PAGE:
However, I hate wasted opportunities. And there are so many opportunities to gently nudge people in the right direction to be better. And some of them have succeeded... others still need work.

So, now we are back to trying to nudge the people with fixed mindsets to recognise them and WANT to change into a growth mindset. I don't want to give you all the gory details of how I want to insiduously do this, because then people will recognise that "Navi is going to try to one of her mind game things on me," and then none of what I plan will work!

Firstly, I focus on the strengths and weaknesses of each person. Everyone has a strength. You just need to be able to recognise it and use it to your advantage. Each guildies has a different strength - be it a great healing/DPS output, excellent at mechanics, good at explaining, following instructions. And everyone has a weakness too and those need to be recognised as well - lack of patience, easily frustrated, slow to move out of mechanics, tunnelling, poor commnication.

Next, positive reinforcement should be the start of every conversation. For example, I would say "OMG, your damage today was heaps better!", "Your healing was really good that attempt compared to the last one!" or "You were so much easier to heal today, it was great!" People love being complimented, rather than launching straight into the negative.

The next part is trickier. When is the right time to start giving the not so good news? For me, it depends on the person. Some guildies ask me for improvements - those ones I would tell them straight away what I need them to do. Some players do better when you tell them to focus on a particular task - absorb all these swirls, heal this player. When giving a task, they can focus on it and not have to worry about other things going on in the raid. With other players, I find it's better to continue stroking the ego a bit before I switch tack.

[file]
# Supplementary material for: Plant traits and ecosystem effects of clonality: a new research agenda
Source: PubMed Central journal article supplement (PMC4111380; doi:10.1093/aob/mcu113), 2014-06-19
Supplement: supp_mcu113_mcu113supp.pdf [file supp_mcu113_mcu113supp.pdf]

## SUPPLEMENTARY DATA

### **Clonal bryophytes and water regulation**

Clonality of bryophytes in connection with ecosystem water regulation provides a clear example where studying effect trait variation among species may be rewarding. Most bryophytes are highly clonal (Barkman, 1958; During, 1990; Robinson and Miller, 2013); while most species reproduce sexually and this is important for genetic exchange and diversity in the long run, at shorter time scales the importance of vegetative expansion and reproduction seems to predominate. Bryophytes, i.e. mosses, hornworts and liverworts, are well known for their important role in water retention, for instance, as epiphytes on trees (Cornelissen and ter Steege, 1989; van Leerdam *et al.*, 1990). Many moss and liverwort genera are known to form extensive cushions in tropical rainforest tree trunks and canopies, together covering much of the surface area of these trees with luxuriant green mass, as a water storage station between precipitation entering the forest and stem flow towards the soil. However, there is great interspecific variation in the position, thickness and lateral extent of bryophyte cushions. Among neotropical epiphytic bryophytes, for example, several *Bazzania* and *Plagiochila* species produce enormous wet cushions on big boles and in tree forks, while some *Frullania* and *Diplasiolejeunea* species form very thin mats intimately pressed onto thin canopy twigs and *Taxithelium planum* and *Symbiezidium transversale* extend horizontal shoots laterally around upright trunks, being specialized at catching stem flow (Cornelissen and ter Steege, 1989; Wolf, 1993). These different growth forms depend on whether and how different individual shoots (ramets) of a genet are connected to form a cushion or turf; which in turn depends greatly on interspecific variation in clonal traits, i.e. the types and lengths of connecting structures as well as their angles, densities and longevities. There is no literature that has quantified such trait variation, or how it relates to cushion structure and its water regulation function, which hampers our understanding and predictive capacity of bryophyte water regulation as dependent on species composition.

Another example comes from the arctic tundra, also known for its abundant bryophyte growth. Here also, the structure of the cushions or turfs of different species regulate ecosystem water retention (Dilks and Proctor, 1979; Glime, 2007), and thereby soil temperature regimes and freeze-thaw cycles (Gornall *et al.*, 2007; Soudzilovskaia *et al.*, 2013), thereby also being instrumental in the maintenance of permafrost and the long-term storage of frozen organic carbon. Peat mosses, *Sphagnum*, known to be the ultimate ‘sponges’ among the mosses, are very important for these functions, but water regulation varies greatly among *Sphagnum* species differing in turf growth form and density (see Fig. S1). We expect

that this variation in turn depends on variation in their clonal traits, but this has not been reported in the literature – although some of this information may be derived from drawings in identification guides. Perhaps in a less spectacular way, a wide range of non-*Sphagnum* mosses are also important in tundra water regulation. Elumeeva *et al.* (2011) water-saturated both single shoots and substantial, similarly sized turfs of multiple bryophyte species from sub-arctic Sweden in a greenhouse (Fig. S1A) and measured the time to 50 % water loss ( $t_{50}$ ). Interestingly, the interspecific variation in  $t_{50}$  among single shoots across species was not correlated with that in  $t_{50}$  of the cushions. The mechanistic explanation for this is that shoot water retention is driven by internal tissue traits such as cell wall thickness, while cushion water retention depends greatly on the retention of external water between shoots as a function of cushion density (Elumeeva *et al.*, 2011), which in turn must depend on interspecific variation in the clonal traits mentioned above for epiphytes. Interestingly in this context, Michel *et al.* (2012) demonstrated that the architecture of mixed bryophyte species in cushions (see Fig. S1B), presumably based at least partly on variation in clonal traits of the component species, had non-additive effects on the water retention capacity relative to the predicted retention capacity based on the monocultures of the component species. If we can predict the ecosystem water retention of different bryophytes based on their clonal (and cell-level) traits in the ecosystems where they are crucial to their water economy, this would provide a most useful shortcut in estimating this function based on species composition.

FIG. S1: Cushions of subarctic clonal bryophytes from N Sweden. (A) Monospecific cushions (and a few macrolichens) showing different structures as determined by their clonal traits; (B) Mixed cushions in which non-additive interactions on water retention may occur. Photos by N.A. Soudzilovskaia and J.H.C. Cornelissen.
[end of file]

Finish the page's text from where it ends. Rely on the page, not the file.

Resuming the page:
I often play out my own shortcomings as a way to make it seem like I'm not a know it all. I'm very good at pointing out my mistakes anyway. I might mention a part that I found difficult and then see what the person says in response. After that I make the comment where I want improvement. And I only make a comment about ONE thing I want to improve at a time.  There may be 6 things that need to improve but people feel better when they can master one thing and succeed than if they attempt to master 6 things and fail.  Slow steps. Very slow steps. Well, that's the plan anyway. I'll see if I can actually accomplish this. It's easy to talk about it, less easy to execute.

Moving from the fixed to the growth mindset can also be a self awareness thing. Recognising the fixed mindset and growth mindset thoughts in your own head and choosing between them will also benefit the player in the long run. I can't make people to do this but I frequently do it to myself.  For example:

Fixed mindset thought: I suck at DPS. I'm only going to DPS when nobody else is around because everyone is going to laugh at me and tell me I suck. I'll just stick to healing because I'm good at it.
(I can see everyone laughing at me because unfortunately this is the truth. However, I do try and improve but I need more opportunity to practice)
Growth mindset thought: I need to practice DPS more. The next opportunity I can take to practice I will take it so I can try to get better. I have to learn to watch for the solar and lunar eclipses better so I don't waste DPS!

Fixed mindset thought: It's not my fault. It's Blizzard's fault for breaking my class or making paladins too powerful and I can't keep up in heals.
Growth mindset thought: Which part of this fight are my heals going to be useful? Perhaps if I conserve mana for the later part of the fight where bigger output is needed I can be of more help there when everyone else is out of mana.

Kyxyn recommended me to read things by Carol Dweck. If you're interested in trying to get yourself out of the fixed mindset, hit her up on Google. I found it very enlightening.